The Art of Darkness

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by Chris Diken // Vimeo

The private eye. The dame in distress. The unsolved crime. And hanging over it all: the pain.

Film noir is a French term that translates literally to “black film.” And if you watch a noir, you’ll likely see one reason why: there is a lot of inky, mysterious black filling the screen. These shadows and ill-lit areas serve to obscure many things: robberies, murders, affairs, plotlines, and any sense of optimism.

But while many noirs have visual resonances because of their chiaroscuro effects and silhouetted, trenchcoated men lurking at the sides of the frame, the noirness of noir more directly ties to an attitude that might be described as “film grim” — the brutality of existence portrayed in a way that is exceedingly stylish. So while our eyes often first recognize the noir mood, our brain is perhaps more reluctant to process the noir subject matter.

The precursor to film noir was German Expressionism in its various forms, including theater, architecture, and painting. These pre-WWII art works were shaped by the atmosphere of impending conflict, and were rife with themes of madness, destruction, and psychological breakdown. Many of these subjects were carried wholesale into American noir films when German directors headed to America as the war approached.

As European directors brought their dark visions across the ocean, the literary movement of crime fiction was gaining steam in America. A number of American authors wrote hardboiled detective novels featuring mysteries that needed unraveling and psyches that needed exploring, especially psyches belonging to damaged, cigarette-puffing men desensitized to the horrors of being.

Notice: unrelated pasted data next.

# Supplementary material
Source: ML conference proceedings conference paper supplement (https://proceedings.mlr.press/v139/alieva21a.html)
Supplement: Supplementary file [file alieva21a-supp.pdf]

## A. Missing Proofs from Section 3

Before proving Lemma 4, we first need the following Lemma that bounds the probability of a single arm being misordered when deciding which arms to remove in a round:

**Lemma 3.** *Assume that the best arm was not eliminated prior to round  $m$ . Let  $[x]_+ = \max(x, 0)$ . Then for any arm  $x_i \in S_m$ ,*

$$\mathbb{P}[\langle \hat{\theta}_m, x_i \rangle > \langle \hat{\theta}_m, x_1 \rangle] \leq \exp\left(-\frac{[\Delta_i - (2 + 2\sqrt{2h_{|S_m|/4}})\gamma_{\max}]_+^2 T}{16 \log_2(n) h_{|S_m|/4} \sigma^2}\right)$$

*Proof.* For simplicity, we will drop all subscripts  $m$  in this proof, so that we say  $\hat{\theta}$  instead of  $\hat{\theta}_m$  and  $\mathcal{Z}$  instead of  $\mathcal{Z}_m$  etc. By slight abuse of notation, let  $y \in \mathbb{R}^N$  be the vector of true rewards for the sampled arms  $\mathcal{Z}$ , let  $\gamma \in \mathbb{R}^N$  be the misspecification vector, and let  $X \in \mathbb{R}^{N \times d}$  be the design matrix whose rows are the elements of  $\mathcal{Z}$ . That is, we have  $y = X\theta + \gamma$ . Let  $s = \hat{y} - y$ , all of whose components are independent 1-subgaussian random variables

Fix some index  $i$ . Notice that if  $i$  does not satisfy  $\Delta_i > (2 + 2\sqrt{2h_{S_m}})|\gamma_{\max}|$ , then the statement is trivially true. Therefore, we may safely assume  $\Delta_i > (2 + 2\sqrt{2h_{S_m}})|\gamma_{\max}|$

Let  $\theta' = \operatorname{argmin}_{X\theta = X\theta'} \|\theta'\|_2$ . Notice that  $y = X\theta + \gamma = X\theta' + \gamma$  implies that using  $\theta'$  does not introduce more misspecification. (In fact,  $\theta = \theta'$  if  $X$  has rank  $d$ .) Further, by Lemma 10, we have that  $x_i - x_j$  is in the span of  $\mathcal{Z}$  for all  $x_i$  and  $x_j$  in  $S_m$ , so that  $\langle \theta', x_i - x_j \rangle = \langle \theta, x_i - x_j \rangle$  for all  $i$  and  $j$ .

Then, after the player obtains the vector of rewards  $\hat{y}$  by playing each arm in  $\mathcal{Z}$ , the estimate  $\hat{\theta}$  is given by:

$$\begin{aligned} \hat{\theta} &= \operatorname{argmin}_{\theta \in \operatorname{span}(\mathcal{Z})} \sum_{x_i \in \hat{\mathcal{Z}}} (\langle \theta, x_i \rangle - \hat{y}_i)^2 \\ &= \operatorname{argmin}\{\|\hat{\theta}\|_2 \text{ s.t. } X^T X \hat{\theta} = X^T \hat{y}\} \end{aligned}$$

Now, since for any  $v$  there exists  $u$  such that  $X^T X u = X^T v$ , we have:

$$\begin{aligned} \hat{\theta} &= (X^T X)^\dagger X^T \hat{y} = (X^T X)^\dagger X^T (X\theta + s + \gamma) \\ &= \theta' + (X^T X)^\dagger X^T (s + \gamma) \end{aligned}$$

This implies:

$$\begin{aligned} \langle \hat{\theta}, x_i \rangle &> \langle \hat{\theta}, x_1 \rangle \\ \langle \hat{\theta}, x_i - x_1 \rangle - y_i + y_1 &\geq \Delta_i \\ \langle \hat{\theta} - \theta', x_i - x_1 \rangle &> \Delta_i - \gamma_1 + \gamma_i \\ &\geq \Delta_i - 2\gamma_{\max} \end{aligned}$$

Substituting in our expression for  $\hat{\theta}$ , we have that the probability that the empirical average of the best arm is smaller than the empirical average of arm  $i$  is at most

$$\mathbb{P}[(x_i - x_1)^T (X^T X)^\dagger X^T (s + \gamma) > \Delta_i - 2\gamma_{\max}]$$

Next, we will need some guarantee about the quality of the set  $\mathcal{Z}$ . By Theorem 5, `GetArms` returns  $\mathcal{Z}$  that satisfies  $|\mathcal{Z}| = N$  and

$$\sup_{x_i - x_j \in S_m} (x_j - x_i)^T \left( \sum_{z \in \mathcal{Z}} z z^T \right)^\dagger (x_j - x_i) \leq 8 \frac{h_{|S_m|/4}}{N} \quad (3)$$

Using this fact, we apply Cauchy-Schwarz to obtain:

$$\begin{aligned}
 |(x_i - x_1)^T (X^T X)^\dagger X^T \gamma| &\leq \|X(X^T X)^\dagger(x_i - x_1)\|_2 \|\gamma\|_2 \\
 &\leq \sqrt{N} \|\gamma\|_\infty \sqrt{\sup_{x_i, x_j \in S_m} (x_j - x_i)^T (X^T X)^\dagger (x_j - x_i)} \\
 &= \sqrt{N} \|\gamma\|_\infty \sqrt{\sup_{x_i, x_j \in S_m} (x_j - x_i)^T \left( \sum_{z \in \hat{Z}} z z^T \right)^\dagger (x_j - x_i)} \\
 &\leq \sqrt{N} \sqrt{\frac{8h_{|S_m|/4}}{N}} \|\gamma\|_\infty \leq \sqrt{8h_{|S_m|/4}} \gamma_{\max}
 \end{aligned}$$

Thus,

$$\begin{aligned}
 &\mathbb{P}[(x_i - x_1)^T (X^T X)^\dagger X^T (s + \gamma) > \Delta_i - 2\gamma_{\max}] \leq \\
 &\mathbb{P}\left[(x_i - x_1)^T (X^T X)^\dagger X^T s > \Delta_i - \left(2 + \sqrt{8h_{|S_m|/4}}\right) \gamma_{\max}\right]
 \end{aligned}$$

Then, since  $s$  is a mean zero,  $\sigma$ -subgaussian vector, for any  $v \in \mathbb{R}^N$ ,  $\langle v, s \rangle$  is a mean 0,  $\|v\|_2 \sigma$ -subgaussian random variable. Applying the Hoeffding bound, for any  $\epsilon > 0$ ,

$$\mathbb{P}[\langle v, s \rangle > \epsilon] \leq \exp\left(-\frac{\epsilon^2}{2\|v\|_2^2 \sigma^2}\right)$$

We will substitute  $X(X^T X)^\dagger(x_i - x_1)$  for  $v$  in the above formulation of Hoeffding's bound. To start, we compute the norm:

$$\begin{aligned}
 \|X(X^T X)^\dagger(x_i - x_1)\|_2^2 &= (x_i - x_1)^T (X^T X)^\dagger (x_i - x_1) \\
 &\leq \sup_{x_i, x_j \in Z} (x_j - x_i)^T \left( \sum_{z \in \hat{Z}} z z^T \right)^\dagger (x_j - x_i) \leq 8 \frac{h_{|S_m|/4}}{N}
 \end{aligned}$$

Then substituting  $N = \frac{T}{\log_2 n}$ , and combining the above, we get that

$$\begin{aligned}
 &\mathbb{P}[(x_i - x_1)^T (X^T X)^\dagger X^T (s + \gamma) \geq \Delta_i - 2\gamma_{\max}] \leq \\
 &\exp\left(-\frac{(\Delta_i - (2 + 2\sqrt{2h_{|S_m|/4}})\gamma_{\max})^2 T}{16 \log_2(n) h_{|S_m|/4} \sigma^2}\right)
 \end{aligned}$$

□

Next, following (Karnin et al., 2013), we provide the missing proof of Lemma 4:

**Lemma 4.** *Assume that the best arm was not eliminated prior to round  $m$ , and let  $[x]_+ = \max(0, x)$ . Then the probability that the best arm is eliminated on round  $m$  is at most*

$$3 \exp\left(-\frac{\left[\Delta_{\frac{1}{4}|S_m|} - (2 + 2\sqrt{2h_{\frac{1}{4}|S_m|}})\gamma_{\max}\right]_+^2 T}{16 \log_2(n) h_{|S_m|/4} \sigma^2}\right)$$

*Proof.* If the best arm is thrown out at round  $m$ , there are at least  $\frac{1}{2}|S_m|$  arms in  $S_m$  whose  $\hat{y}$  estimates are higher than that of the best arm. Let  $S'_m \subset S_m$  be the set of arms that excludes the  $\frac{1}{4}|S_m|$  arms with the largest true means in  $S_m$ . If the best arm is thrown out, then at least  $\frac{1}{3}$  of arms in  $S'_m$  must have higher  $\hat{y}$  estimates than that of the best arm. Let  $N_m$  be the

One characteristic of noir films is that they are wrought in stark black and white, a blatant form of good-evil symbolism that makes the evil all the more menacing — you can’t see it. And despite the good that is there to combat evil, many noirs ended on a bleak, unredeeming notes, like a prisoner sent to the electric chair. It’s hard to go out for dinner after a movie like that.

Another common noir symbol is the enigmatic object, often juxtaposed with a fake version of said enigmatic object. The object can give tangible form to a mystery or feeling, such as that certain falcon of Maltese extraction, which represents both flight and the inability to fly. Other notable noir characteristics are rain-soaked streets, run-down buildings, neon signs, and flickering lamps, the last two perfect for producing those obfuscating shadows. These symbols can be seen to represent American cynicism and hopelessness during and after the Second World War. The films tell stories of characters trapped in situations they did not create, and fighting against random forces in a world that is essentially corrupt.

The classic era of film noir began as WWII was winding down, and it brought some of the most striking films of any genre, featuring beautiful femme fatales who use their looks to get what they wanted. Many critics regard film noir as more a mood or style than a genre, which accounts for its lasting impact. Several important thrillers from the late ‘50s and early ‘60s have a certain noir-ishness, featuring stripped-down sets, harsh black-and-white lighting, and senseless violence.

The ‘60s were awash in noir references, with brainwashings and men hunted for crimes they (probably) did not commit. French New Wave directors threaded noir elements in their work, and the 1980s to present day are filled with neo-noirs. You know those films that feature briefcases or boxes with unknown contents? That’s noir right there.

One might say that that noir has been such a powerful force because it taps into emotions that we all experience from time to time. We share the detective’s disillusionment. We need help, like the femme fatale. We seek symbols of success, and sometimes fake ones. If only it was so easy for us to experience these sinister sensations with such style.

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